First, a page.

Euro Term Bank (ETB)

While the ETB’s 2.6 million terms seems meagre in comparison to the entry above, the availability of 33 languages and an undeniably user-friendly layout compared to many of these resources make it an attractive alternative worth considering.

There are many, many more excellent online glossaries and dictionaries out there (the UN’s UNTERM is just one extremely reliable resource that I have not included) so please don’t hesitate to send me recommendations. Hopefully, however, the links and the pointers given above will all be of use. Ciao!


12 responses to “Where to go when lost for words?”

  1. Reblogged this on witstranslate and commented:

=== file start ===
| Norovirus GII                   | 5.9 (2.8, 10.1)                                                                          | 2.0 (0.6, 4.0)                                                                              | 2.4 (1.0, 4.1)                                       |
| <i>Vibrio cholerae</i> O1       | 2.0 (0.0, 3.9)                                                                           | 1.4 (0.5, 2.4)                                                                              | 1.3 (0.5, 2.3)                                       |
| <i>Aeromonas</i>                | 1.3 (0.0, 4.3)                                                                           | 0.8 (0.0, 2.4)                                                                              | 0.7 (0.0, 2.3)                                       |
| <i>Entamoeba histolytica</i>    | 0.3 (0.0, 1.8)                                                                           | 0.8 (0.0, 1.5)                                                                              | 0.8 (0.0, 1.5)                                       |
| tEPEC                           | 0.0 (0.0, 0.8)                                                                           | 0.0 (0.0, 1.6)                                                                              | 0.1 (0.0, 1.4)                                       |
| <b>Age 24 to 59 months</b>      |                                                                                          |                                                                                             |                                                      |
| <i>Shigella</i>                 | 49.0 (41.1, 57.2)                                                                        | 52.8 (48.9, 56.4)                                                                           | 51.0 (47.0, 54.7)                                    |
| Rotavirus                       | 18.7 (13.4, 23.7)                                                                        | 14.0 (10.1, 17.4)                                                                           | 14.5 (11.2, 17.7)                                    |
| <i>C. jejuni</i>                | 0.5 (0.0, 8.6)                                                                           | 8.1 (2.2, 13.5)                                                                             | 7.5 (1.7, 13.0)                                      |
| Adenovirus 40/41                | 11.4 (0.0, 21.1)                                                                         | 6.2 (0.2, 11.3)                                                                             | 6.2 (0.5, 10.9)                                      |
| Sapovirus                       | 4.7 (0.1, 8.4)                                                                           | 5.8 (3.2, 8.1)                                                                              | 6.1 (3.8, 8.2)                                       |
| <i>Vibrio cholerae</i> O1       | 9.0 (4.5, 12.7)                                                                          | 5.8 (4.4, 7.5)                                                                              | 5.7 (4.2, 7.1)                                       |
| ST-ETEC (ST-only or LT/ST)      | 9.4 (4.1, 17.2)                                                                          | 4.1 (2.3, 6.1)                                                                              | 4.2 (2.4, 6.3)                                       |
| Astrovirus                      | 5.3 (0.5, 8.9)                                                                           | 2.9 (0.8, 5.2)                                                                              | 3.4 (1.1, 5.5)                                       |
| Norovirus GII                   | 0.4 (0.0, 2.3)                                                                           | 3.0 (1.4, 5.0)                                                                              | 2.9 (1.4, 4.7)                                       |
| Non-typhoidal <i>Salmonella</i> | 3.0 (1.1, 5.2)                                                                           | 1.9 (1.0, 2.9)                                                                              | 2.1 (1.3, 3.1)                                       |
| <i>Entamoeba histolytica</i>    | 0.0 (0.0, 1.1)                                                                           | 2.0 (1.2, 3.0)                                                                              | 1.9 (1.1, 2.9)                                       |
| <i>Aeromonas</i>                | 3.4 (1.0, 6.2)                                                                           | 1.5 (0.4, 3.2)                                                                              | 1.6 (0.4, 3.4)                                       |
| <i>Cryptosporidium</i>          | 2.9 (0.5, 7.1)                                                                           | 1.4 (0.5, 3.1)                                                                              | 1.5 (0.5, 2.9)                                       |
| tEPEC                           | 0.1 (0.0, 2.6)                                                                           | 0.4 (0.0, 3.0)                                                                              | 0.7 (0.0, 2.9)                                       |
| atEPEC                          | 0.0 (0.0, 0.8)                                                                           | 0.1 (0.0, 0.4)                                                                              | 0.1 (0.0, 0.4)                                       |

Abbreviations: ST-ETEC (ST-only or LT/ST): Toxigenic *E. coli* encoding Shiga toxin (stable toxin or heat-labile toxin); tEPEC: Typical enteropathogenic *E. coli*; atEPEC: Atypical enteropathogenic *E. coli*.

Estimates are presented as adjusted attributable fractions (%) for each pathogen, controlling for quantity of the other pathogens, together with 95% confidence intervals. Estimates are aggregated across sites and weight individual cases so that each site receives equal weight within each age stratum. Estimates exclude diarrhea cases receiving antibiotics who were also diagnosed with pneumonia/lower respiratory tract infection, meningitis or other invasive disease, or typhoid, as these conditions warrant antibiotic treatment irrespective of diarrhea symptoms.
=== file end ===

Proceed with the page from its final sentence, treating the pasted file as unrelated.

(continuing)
African language translators out there – we need terminology!

  2. […] isolate terms and phrases in both the source and target languages – have a read of my post on the best places to hunt down terms online if you’re […]

  3. I would also add Termium to the list for FrenchEnglish vocabulary: http://btb.termiumplus.gc.ca

    1. Thanks Cath, looks good. I’ve never used it so I’m looking forward to giving it a go!

  4. […] the vast array of resources out there, it is amazing how quickly you can become well-versed in a previously unknown area and, […]

  5. stevedysonsdc Avatar

    Your post on Seven Super Skills make all the right points. Good work. Nice to see in the picture above the Oxford NODE. It’s so much better, for our purposes, than the OED. It’s a great pity it is no longer available. Pop over and check out some of my posts at http://steve-dyson.blogspot.pt. Regards from Lisbon.